SPSS Survival Manual

Other Information presented below can be found on allenandunwin.com

1. Starting your Data Analysis
Most students get quite excited when they finish entering data and they have a data file to analyse. However, before diving in to address all your research questions there are a few things you need to do first. I have listed these below, along with the related chapter in the SPSS Survival Manual (A book every SPSS user must have. For more information visit http://www.allenandunwin.com )

  • Check the characteristics of the subjects that make up your sample. You will need this information for the method section of your report.
  • Check all the variables in your data file for errors (particularly out-of-range values).
  • Obtain descriptive statistics for each of the variables you will be using in your study. These should include means, standard deviations, kurtosis, skewness, and minimum and maximum values.
  • Check that these values are appropriate.
  • Check the distribution of scores on each of your variables—depending on the variable, you will need to use histograms, boxplots, bar graphs or stem and leaf plots. Look out for very skewed distributions or any unusual pattern of scores. Also check for extreme outliers—these can affect some analyses and may need to be recoded or removed.
  • Perform the necessary data manipulation procedures (e.g., recode, compute) to create any new variables you need. This is important when creating total scores on a scale, or collapsing down a variable into a smaller number of categories. Afterwards, always run Frequencies on these new variables to check that the procedure has been done correctly.
  • Check the reliability of the scales you intend using in your analyses. What are the Cronbach alpha values for each scale? How do these results compare to those reported in the literature?
  • For your continuous variables, check the pattern of inter-correlations. How strongly and in which direction are your variables related? How does this compare with the results reported in the literature? You may also need to obtain scatterplots of the correlation between pairs of your major variables. These are useful for checking for linear relationships between variables.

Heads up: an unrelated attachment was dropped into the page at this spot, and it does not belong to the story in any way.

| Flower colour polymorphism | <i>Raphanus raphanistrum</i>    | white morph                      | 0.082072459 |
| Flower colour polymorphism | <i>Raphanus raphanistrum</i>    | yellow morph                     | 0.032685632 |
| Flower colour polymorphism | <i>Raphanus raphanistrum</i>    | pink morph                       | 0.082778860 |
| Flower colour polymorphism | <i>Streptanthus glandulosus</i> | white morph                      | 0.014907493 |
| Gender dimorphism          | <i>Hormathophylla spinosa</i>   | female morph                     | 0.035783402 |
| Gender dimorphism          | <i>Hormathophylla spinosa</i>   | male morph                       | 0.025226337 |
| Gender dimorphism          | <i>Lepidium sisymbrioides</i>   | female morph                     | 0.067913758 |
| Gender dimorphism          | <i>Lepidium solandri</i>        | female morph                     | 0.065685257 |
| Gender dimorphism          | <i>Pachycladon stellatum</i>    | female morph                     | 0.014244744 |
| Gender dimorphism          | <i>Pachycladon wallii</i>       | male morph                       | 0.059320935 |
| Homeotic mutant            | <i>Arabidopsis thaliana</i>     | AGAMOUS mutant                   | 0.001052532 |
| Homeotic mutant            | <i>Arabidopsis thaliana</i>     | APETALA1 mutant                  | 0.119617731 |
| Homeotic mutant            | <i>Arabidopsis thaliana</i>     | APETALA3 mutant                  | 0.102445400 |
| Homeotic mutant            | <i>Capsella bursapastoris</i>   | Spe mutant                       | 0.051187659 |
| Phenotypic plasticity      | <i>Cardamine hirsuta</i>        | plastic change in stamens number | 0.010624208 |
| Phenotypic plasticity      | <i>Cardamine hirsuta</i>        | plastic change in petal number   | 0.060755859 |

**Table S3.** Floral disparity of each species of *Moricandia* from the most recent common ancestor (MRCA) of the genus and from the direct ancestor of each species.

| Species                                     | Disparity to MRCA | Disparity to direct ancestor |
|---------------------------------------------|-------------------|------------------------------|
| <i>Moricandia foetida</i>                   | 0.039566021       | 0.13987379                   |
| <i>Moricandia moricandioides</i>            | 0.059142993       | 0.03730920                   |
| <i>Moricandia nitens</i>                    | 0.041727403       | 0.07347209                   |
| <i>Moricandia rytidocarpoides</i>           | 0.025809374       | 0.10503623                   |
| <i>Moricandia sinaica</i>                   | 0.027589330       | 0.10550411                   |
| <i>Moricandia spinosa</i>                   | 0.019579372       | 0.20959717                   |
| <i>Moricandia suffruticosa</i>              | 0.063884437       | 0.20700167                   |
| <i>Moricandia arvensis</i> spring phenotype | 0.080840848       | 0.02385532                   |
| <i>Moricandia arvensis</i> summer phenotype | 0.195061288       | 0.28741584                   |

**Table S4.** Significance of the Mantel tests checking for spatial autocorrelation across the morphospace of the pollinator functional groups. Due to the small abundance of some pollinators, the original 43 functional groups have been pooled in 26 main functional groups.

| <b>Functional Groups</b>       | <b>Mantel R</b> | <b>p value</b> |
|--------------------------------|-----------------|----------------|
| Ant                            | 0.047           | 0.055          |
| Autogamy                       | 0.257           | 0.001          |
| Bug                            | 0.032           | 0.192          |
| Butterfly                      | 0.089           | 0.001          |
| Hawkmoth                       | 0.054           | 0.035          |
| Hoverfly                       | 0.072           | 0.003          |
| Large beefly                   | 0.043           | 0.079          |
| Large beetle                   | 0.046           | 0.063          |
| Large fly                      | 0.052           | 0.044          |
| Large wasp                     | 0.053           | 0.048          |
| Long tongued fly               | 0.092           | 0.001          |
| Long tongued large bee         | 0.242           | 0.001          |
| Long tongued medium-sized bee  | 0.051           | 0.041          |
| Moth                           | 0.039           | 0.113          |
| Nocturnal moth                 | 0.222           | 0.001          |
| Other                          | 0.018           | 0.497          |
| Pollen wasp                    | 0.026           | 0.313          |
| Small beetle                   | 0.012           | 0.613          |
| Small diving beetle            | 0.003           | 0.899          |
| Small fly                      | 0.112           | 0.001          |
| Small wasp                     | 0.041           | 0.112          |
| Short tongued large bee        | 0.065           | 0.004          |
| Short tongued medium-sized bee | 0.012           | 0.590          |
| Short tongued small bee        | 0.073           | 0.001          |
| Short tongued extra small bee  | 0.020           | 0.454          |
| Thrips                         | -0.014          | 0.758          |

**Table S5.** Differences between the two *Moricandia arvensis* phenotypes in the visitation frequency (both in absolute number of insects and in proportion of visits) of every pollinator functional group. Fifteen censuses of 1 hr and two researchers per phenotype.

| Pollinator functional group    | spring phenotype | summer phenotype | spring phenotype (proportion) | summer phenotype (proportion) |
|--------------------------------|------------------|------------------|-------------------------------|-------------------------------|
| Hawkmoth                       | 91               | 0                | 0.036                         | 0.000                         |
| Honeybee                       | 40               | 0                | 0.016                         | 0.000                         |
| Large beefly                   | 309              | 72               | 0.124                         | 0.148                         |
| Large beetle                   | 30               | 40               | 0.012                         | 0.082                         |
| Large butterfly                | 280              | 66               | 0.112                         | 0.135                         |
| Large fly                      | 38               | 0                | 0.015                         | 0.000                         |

• When choosing which statistical technique to use for your analysis, always check that you have the right type of variables (categorical/continuous). Consider whether a parametric or a non-parametric technique is the most appropriate.
  • Check with your statistics books and the SPSS Survival Manual to ensure you are not violating any of the major assumptions for the analyses you intend to conduct. This might involve checking that you have enough subjects in your groups, that the variance for each group is similar, or that the distribution of scores on your variables is not too skewed.
  • Remember that SPSS will conduct the analyses that you ask it to do, whether or not these analyses are appropriate. The old saying ‘Garbage in, garbage out’ applies. It is up to you to ensure that you understand what you are doing and also what the output means.

A few additional tips

  • Save your output regularly so that if the computer crashes you have not lost too much work. All output files should be saved with a .spo extension onto your disk in the A:/ drive. Give your output file a suitable name so you will able to identify it later, for example 8aug96a.spo. Keep a list of your output files with details of what is included. SPSS produces a lot of output and it is very easy to get lost, so get organised—it will save you a lot of time.
  • If you need to recode a variable, always create a new variable. Keep the original variable so that if there are any problems you have not lost the data.